Since they rely heavily on lending in the absence of other major investment tools and growing risks in world markets, a sharp slowdown in their deposit build-up is expected to smother their performance in 2009 after nearly seven years of high earnings because of the oil boom.

Official figures showed there was a decline in the assets of most banks in the six-nation Gulf Co-operation Council (GCC) this year, while deposits with these banks have either slowed down or dropped for the first time in many months.

Tufton delays launch of ship fund as it seeks more capital

Plans by Tufton Oceanic Middle East, a private fund manager in Dubai, to launch a distressed ship asset fund have been delayed as the company seeks more time to raise capital for the fund, said a senior company official.

The company revealed at the beginning of the year that it was creating a distressed fund with anticipation of an increase in distressed sale of ships as many shipping companies fail to break even.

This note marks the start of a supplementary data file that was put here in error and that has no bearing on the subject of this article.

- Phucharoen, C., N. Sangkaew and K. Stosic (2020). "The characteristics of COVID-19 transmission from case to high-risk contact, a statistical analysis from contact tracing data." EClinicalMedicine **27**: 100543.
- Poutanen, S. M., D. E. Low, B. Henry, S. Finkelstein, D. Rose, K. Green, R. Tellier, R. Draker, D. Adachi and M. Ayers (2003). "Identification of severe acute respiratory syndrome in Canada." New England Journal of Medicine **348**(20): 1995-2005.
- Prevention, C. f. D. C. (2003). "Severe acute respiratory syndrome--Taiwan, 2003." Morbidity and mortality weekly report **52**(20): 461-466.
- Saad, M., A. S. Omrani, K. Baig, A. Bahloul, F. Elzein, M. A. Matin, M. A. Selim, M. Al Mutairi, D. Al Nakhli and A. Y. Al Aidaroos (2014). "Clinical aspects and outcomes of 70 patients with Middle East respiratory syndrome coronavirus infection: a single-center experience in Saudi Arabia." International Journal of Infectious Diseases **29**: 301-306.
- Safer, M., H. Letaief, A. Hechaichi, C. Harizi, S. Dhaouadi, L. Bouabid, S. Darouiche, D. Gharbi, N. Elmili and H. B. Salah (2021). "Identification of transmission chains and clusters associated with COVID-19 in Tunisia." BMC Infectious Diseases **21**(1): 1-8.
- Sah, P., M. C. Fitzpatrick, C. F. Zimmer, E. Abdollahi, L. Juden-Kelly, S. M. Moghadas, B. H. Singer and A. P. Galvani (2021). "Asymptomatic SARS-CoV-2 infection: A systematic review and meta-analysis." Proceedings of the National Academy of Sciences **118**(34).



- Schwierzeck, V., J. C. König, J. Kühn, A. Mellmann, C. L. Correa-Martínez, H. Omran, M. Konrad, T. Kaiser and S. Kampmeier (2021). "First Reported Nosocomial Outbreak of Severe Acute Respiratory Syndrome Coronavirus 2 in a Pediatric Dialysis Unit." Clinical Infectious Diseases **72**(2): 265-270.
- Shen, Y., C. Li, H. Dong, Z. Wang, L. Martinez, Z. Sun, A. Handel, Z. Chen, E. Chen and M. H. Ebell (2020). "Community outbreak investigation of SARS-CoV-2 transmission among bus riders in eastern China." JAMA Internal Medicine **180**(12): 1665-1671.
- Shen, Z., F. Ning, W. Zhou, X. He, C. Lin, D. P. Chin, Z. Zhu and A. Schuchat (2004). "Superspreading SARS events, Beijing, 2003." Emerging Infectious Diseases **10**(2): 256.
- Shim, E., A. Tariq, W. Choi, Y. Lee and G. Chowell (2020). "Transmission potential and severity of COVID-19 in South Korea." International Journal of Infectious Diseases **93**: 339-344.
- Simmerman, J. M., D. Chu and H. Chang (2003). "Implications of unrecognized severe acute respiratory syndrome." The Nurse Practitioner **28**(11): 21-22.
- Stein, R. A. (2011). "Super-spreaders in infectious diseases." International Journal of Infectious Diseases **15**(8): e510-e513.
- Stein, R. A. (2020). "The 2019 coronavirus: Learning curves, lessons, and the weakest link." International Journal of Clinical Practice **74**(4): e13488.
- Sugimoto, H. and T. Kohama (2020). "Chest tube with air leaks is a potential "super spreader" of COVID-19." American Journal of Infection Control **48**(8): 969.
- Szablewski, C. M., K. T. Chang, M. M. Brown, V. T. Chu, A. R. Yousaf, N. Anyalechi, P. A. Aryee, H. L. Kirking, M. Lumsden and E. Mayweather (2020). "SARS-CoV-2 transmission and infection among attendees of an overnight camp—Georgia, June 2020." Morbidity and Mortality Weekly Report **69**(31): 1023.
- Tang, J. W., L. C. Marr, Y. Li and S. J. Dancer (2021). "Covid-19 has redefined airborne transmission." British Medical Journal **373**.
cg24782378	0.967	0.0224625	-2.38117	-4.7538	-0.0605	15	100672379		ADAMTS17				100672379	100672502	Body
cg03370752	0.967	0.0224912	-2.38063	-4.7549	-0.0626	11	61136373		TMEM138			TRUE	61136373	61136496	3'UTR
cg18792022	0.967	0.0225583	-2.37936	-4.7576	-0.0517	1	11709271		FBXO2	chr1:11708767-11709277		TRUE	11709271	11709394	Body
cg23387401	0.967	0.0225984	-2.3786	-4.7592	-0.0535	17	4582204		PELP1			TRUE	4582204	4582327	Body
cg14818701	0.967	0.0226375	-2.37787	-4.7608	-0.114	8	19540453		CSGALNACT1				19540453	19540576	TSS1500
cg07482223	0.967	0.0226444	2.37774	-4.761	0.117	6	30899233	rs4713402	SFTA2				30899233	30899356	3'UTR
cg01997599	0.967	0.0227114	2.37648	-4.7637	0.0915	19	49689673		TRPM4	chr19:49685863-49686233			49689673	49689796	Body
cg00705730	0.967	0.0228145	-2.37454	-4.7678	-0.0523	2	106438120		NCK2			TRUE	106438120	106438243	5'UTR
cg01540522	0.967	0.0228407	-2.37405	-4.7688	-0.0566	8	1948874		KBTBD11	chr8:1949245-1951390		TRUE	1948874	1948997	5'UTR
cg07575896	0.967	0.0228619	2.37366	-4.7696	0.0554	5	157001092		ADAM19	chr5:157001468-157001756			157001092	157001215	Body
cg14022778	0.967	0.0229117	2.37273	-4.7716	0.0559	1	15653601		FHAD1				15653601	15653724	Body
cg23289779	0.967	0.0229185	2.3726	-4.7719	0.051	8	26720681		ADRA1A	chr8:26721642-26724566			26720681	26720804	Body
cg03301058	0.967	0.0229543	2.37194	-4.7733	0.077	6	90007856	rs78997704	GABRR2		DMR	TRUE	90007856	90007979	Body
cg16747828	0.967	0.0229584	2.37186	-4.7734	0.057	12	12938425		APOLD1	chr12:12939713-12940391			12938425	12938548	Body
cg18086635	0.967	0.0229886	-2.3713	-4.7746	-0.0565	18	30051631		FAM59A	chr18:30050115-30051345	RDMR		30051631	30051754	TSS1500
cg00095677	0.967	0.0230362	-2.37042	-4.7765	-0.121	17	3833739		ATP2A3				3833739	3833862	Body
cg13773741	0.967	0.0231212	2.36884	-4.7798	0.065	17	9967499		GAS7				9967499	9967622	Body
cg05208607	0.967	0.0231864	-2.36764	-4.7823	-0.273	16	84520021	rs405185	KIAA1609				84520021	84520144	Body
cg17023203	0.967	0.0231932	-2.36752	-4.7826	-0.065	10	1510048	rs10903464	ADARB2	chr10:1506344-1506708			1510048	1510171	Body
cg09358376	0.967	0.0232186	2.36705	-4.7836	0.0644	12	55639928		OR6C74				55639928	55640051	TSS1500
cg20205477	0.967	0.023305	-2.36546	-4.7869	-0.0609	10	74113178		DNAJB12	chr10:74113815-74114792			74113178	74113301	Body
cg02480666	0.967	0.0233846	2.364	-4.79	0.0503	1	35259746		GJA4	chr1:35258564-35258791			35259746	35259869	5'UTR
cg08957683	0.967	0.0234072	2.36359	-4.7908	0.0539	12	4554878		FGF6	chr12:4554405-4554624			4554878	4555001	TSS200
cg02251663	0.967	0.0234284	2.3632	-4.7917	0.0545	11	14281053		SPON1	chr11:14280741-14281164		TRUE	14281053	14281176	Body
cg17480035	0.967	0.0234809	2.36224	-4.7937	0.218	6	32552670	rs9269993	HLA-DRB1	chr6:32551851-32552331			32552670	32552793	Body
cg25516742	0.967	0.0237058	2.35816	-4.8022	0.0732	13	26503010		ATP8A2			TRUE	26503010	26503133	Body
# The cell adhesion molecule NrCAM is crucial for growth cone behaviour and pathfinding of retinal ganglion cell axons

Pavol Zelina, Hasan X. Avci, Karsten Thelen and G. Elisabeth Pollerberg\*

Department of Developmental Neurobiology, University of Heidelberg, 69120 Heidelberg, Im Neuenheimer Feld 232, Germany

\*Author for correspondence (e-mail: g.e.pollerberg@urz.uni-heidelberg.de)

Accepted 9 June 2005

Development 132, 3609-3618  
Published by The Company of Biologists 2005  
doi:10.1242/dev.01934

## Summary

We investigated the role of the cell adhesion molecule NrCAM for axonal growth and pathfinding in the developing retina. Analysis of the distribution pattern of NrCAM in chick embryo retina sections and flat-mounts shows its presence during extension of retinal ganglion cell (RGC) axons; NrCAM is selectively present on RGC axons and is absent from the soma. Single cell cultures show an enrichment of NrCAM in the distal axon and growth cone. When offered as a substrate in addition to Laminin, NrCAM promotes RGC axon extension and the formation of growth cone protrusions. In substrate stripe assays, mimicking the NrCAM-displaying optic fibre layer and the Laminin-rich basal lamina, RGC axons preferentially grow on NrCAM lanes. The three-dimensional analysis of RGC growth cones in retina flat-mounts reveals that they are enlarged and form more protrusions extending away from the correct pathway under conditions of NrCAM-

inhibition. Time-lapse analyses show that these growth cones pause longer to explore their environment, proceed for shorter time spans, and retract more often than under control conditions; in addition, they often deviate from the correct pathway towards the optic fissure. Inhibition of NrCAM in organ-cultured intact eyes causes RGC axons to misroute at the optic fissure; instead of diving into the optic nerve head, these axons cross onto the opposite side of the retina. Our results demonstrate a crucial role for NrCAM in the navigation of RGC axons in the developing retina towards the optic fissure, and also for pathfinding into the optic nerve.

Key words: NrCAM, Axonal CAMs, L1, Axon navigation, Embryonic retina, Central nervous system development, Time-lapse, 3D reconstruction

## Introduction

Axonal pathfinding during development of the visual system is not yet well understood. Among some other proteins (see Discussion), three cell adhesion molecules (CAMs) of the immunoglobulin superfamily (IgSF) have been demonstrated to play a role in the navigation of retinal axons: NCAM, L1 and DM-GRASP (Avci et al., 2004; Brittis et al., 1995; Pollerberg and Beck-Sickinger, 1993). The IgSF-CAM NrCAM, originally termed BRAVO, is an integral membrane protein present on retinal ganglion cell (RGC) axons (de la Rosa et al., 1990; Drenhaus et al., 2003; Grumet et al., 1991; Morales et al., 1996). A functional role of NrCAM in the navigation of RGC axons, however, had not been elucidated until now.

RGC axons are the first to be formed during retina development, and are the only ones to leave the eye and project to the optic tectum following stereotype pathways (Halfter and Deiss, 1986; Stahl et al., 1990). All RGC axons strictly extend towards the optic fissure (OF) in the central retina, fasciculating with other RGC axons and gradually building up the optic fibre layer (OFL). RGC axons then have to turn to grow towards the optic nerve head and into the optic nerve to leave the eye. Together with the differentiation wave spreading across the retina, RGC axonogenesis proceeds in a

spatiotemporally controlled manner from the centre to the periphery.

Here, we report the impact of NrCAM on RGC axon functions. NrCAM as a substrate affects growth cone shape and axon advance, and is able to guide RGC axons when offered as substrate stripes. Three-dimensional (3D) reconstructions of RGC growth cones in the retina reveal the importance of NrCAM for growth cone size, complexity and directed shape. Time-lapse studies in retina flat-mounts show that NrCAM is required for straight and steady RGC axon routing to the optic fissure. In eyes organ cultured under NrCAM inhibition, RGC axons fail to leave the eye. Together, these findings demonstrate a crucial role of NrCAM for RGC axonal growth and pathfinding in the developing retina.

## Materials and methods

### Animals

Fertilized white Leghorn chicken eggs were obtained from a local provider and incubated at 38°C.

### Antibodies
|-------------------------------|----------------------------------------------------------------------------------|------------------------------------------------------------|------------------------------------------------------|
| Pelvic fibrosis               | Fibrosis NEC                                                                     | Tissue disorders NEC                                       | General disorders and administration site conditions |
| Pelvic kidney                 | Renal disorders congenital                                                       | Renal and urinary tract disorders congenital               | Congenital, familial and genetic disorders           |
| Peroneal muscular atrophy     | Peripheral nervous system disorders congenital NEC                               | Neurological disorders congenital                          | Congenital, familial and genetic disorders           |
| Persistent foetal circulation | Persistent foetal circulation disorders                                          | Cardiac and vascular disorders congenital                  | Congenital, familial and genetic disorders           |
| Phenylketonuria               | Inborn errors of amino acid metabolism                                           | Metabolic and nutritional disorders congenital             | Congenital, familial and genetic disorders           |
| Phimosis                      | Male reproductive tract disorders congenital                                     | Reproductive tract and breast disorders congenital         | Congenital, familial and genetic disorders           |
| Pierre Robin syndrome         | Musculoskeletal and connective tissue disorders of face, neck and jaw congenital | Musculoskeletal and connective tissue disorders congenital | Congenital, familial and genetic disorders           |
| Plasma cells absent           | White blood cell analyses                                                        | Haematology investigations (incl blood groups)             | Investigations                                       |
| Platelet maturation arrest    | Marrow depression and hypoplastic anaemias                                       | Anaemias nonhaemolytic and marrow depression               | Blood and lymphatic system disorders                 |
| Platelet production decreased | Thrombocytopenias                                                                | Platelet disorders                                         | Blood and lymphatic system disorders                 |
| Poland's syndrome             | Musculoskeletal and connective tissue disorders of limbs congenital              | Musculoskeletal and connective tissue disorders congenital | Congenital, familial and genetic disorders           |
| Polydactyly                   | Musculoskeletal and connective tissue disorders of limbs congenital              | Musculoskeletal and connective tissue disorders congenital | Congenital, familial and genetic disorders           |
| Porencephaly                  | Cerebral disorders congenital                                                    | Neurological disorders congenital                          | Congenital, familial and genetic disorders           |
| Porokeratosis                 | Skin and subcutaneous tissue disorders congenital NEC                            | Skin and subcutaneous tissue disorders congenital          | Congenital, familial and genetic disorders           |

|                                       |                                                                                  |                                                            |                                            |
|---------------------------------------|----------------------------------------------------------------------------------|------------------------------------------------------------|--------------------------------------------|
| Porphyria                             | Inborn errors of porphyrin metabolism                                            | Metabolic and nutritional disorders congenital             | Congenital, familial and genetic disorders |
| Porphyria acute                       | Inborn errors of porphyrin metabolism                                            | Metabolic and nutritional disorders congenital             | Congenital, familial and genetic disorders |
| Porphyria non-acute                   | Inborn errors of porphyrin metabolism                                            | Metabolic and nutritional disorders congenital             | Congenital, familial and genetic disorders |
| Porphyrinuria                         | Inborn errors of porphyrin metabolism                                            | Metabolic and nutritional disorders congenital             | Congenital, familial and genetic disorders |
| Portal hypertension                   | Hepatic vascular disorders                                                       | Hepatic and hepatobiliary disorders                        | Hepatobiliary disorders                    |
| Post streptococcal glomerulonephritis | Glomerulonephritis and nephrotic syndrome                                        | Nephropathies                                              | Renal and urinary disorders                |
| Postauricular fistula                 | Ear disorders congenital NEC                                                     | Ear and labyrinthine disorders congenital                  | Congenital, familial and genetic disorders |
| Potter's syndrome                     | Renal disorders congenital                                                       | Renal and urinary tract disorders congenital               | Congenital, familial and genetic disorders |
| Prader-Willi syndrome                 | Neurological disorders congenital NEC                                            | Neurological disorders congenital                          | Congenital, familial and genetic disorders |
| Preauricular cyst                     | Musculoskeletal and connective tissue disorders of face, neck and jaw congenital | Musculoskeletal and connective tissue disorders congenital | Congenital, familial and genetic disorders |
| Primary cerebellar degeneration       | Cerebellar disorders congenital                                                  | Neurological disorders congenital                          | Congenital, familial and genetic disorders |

Earlier plans were to launch the fund in the first quarter of 2009 and the company targeted a tune of $500 million (Dh1.83bn) from investors, which would be used to buy vessels in distressed sales. The launch of the fund might now be delayed to the end of the year.

UK seeks help of Gulf SWFs to boost its economy: Mandelson

The United Kingdom yesterday said it is actively seeking investment from Gulf sovereign wealth funds (SWFs) to help boost the country's economy despite reservations in some quarters.

Lord Peter Mandelson, Britain's Secretary of State for Trade, said during a visit to Abu Dhabi that his delegation had met SWF representatives and government officials and had received a good response during talks on investment and other areas of co-operation.